NVIDIA's press release states that "Jetson TX1 is the first embedded computer designed to process deep neural networks -- computer software that can learn to recognize objects or interpret information." The 3.4x2inch module includes a Tegra X1 ARM Cortex-A57 processor with 256-core NVIDIA Maxwell graphics, 4GB of LPDDR4 memory, 16GB of eMMC storage, 802.11ac WiFi and Bluetooth, and Gigabit Ethernet support.

AnandTech Article: http://www.anandtech.com/show/9779/nvidia-announces-jetson-tx1-tegra-x1-module-development-kit

The Jetson TX1 Development Kit will be available for preorder starting Nov. 12 for $599 in the United States. The kit includes the Jetson TX1 module, a carrier board (pictured below), and a 5MP camera. The stand-alone module will be available in early 2016 (for $299 in bulk).


The Jetson TK1 (not TX1) was released in 2014 to encourage the development of products based on the Tegra K1 processor. However, according to AnandTech, developers were using the Jetson TK1 outright as a production board, choosing to focus on peripheral and software development instead of system hardware development. With the new TX1, all of the I/O connectivity is provided on a carrier board, enabling rapid development on the credit-card sized TX1 module. After development is finished, the TX1 module can be directly deployed in products, such as drones. 

NVIDIA used a drone application to promote the Jetson TX1



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  • @Dustin ... just a santa whish! Could you get TX1 developer sets in the hand of Randy, Tridge ...

  • Consumer grade USB 3.0 plug - is a bad idea. It's clumsy, and has unnecessary requirement of using the stock usb3 cable, which is, in airborne case - is a loss of precious weight just for the cabling, plus it's not reliable at all.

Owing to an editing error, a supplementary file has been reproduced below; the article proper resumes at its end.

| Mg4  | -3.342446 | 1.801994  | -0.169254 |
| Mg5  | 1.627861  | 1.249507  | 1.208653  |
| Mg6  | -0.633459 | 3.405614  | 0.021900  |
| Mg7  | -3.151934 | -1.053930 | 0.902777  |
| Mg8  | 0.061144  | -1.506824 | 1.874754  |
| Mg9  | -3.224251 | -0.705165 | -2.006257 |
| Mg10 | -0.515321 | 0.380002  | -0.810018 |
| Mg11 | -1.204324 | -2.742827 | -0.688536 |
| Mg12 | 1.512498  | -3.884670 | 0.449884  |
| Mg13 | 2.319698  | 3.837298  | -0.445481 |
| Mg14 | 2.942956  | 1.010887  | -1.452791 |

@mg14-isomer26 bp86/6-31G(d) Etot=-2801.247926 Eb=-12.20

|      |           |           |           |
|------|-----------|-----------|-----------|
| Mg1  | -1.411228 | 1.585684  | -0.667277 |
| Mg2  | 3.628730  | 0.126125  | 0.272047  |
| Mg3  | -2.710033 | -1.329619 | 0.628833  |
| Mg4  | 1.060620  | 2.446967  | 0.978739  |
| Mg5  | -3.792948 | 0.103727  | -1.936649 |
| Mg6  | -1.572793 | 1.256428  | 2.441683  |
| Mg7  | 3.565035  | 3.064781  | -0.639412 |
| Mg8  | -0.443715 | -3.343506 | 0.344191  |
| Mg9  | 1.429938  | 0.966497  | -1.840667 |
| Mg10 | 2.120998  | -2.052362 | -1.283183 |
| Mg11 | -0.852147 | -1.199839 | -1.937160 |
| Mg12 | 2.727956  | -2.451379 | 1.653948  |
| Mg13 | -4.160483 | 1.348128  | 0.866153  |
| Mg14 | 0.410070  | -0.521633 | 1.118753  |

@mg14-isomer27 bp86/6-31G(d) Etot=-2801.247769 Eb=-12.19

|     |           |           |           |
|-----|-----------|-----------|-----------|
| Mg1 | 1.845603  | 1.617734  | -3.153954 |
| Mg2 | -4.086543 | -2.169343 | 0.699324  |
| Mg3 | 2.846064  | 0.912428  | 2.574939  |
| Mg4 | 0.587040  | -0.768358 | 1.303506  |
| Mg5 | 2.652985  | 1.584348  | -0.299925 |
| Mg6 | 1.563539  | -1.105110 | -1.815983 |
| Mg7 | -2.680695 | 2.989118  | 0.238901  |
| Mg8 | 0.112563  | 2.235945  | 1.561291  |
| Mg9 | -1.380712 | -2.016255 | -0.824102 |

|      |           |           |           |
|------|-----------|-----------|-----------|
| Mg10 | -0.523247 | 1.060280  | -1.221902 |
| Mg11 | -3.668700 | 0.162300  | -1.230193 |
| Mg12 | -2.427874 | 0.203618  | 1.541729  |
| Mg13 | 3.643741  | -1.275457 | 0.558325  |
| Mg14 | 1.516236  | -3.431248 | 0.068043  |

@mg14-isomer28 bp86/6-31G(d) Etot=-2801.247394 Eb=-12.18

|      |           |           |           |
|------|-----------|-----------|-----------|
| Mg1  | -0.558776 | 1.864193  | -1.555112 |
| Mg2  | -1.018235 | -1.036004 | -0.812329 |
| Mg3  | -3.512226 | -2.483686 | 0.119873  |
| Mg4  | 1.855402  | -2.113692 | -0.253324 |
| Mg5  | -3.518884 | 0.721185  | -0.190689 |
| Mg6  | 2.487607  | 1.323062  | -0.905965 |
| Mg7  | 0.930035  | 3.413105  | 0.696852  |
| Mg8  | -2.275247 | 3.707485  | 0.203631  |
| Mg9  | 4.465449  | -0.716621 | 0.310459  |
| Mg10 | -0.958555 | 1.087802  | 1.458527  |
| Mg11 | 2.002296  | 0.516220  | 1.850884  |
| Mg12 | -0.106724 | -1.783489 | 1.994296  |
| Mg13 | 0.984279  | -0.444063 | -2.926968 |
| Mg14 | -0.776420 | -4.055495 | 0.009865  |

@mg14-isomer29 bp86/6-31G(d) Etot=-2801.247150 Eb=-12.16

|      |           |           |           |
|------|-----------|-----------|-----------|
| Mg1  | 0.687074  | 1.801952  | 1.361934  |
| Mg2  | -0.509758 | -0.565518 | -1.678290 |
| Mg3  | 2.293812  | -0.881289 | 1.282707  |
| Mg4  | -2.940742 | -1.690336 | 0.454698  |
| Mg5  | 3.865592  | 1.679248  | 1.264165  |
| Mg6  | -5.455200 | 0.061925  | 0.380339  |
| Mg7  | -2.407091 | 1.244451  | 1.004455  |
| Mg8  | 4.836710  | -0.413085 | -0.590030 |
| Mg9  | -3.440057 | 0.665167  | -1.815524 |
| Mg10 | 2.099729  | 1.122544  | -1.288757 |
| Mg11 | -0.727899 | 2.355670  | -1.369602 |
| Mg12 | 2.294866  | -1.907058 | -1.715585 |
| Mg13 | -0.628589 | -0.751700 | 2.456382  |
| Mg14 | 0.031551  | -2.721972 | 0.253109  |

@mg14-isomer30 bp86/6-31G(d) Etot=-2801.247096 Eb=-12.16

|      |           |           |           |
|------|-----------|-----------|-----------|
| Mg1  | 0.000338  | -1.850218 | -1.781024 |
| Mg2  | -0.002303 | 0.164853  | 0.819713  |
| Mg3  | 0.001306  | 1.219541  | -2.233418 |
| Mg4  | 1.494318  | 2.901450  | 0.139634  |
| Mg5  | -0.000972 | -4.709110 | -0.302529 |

I would personally prefer 10 pin PicoBlade or 1.25mm pitched header(the same type as found on the majority of the PC motherboards).

    The same goes for the HDMI as well - stock connectors are really unnecessary - 1.25mm pitched interface is far more usable - if needed the hobbyist can crimp the cable to the required length and it is far more usable.

    For users who are awkward with the normal connector types - it is easy to design a breakout board, which is serving the necessity(if needed) to route out the connections to consumer grade connectors

  • Here's a diagram indicating the main connector pin orientation.   Note that this is the top-down view, so the connector you are seeing on the back.

    3702125418?profile=originalThe lead style depth is -5.0

    If there is space for extra USB, I bet most would find it useful.  You will want to consult our reference designs for high-speed signals like USB3 and CSI, and the soon-to-be-published OEM Carrier Design Guide.

  • Nice board, juergen. But should we also discuss, if we need some additional break out lines (maybe as solder points)? This could be done on the area between SD and Hdmi out for e.g. I would like to see the 4 PINs for an additional USB 2 Port (for 3G), the pins for uart and maybe a I2C and/or SPI port ...

    best .cj

  • @ Patrick

    With the USB3 connector I don't have any information on the bandwidth capacity of picoblade or other connectors, but given that PC motherboards use common headers to route out USB3 ports into a PC case, I'd say the connectors don't play a significant role in attenuating USB performance. It would be worth investigating though before locking down the connector type.

    Sometimes I think old fashioned hardware developers don't get that new applications need to be coded not just manufactured now a days. Locking up the coding part "for profit" means that it limits the sale of hardware. So an expensive design suite simply tries to recover some software/tooling costs for the manufacturer, but once the developer has software for a product the hardware manufacturer can't profit from the software suite anymore (or not much).This limits hardware sales as well and is the reason why many companies are providing development toolchains with their hardware for 'free' and factoring toolchain costs into the hardware instead, in the hope of increasing hardware sales.